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Aksyon ng Ating Kabataan  

Hardworking, faithful and family oriented

Guezz grad photoby Guezz Lois Quizon

Guezz Lois Quizon was awarded the 2018 ANAK Liwayway Scholarship for Leadership Excellence last June based on her high school GPA, a group interview, and an essay in response to the question, “How do values and cultural stereotypes affect your Filipino identity in Canada?” The following essay was her submission.

Filipinos are considered to be some of the hardest working people in Canada. Whether it is mopping up the floors at restaurants, or collaborating with others in group projects, Filipinos are known to put in their best efforts in everything that they do. This stereotype, of all Filipinos being hardworking and diligent individuals, has encouraged me to do my best in not only my job at McDonald’s, where I received Employee of the Month in August 2017, but especially in my school work as well. Since school is so important for us, the children and future Filipino leaders in Canada, I have strived to always do the best I possibly can in my school work. Although it’s difficult to be motivated at times, since Canada does not place massive emphasis on being on the honour roll, I have always had this goal engraved in my mind to always do better. These values and cultural stereotypes effectively influence me, as a Filipino, to put my best foot forward.

Additionally, Filipinos are known to be faithful, believing in their religion with a passion (Abrugar). I am a proud Catholic, who continually goes to church to celebrate the words of Jesus Christ. Sadly, a great quantity of my Canadian friends do not go to church, which is off putting. However, this does not hinder me from my faith since God is such a crucial part of my family as Filipinos. I have been brought up to believe in Christ, and I read the Bible every single night to enforce my faith. Despite that, my family is only able to go to church every second Sunday. The reason for this is that unfortunately my mom has work every second weekend. We generally never go to church without my whole family being there. This is because going to church involves the whole family; no one just stays home, to watch TV, due to the fact that Filipinos are so family oriented.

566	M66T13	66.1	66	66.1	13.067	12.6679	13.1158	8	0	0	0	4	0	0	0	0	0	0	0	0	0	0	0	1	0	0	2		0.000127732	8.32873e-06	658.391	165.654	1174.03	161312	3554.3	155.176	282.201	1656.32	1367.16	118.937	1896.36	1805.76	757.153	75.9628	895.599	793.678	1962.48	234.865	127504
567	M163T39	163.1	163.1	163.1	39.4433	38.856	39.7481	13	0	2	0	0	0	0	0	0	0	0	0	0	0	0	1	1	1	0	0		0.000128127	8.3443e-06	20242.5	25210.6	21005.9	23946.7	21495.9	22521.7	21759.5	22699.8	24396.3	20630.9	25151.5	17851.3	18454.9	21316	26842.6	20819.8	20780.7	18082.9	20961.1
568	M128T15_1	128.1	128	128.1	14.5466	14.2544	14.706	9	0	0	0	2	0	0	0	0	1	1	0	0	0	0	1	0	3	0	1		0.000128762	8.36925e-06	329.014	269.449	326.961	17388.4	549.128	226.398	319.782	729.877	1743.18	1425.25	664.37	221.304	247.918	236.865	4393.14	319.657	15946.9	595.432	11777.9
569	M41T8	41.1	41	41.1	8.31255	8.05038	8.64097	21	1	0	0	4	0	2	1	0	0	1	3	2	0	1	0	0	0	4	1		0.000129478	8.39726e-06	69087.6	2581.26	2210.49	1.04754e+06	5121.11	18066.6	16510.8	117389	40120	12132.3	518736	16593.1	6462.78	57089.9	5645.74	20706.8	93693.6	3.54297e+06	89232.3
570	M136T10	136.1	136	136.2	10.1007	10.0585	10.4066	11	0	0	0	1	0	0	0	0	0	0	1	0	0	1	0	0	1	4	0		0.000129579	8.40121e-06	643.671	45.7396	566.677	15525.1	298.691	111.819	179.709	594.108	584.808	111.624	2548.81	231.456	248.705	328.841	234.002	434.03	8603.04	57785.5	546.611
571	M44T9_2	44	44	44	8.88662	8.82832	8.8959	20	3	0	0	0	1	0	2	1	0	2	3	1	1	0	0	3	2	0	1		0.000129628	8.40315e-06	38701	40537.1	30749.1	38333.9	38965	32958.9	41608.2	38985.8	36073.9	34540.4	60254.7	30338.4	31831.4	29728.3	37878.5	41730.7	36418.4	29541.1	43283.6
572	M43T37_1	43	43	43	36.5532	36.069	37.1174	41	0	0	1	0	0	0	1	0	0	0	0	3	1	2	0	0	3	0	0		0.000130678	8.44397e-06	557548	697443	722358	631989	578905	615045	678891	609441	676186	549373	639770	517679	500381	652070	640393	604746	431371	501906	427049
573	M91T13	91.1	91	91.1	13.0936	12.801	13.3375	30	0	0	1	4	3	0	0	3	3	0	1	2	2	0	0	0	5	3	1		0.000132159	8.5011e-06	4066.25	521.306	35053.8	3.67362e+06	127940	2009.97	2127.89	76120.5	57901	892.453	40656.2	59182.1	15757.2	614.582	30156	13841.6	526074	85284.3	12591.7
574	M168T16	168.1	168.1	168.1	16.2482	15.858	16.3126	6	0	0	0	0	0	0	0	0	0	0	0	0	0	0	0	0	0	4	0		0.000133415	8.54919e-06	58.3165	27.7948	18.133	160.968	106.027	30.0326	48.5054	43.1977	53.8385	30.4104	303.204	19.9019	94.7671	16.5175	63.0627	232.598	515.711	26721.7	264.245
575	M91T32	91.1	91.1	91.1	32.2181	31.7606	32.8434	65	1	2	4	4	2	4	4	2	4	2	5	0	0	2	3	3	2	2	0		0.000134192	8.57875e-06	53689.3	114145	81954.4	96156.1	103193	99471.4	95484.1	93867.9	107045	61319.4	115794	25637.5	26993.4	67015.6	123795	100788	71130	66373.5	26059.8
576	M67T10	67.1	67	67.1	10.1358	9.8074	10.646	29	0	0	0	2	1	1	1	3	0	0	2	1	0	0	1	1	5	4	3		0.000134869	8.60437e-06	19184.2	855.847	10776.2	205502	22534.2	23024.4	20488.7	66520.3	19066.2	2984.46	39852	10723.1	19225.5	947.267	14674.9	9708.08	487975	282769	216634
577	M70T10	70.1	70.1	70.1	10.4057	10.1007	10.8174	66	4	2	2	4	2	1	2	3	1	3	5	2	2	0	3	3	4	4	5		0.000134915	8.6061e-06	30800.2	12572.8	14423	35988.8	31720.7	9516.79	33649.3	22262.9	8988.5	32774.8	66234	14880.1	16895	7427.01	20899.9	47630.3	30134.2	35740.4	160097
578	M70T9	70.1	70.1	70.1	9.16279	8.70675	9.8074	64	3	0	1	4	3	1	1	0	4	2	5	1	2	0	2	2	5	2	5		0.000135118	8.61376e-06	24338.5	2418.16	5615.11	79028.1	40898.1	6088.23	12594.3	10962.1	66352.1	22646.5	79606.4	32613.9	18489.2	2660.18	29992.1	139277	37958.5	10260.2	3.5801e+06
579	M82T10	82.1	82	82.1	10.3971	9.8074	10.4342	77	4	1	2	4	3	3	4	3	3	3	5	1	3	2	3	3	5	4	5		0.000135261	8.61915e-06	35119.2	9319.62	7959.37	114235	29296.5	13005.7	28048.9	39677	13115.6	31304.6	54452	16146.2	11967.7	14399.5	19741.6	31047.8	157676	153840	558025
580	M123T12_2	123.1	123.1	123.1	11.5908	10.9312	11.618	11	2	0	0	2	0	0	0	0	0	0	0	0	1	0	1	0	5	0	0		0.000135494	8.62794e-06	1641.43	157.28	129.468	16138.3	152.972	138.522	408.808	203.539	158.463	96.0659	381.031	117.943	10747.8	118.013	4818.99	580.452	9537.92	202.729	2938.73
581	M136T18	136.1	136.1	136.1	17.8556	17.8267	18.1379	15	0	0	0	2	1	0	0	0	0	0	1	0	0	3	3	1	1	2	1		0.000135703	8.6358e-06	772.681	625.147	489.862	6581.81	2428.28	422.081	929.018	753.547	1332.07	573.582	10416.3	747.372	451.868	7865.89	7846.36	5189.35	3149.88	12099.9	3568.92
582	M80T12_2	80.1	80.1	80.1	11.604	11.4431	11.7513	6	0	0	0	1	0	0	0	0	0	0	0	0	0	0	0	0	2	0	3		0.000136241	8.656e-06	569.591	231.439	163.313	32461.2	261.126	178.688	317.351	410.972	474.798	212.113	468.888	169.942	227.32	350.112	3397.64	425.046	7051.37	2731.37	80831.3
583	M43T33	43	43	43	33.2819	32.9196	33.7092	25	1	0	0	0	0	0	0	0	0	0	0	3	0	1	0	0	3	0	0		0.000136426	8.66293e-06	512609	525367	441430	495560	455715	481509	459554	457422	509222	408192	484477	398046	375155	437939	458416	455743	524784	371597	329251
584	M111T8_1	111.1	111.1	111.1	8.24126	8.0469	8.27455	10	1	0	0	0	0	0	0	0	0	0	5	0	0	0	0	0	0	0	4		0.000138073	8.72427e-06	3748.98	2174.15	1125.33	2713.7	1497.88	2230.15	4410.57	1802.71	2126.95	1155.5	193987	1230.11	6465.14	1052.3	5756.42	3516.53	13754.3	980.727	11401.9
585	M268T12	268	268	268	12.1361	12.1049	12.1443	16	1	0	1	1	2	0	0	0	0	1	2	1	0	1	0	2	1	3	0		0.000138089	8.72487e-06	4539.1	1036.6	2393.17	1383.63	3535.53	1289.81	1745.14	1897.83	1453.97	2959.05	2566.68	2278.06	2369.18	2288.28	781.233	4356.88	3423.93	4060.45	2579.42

Filipinos are notorious for choosing their family over everything (Abrugar). I understand this stereotype and can confirm that it applies to myself. This is because I value my family so much, and love them with a great passion. I have learned, through my eleven years of experience here in Canada, that my family is always there without fail, and they will never leave. My friends here have come and gone throughout the years. Nonetheless, through thick and the thin, my parents and my little brother have always stayed by my side and assisted me when I encountered problems. My parents have continually provided everything that I’ve ever needed and more, just so I can obtain the best future. The biggest sacrifice that my parents have ever made in their lives is leaving the Philippines, so we could all prosper in life. I knew that they moved, not only to gain their independence, as my parents and I lived with my grandparents in the Philippines, but also so I could have a better future here in this foreign land. In spite of the amazing things parents do for their children, my Canadian friends often put their friends first and their families second. Nevertheless, I have learned, through my parents always supporting me in everything that I do, that it is always my family who is first.

To conclude, the values and cultural stereotypes of Filipinos being hardworking, faithful and family oriented have greatly influenced my Filipino identity here in Canada. Although I left the Philippines at such a young age of only six, and have been in Canada for over eleven years, I am still astonishingly able to speak Tagalog and even Kapangpangan. My country, the Philippines, makes me proud and honoured, to be a Filipino.


  • Abrugar, Victorino Q. “14 Good Filipino Habits that Make the Philippines a Great Country.” FAQph, 2 Sept. 2014,

Guezz Lois Quizon is a recent graduate from Dakota Collegiate Institute and is entering her first year of studies at the University of Manitoba. Visit to learn more about ANAK programs, opportunities, and ways you can get involved or support our youth.

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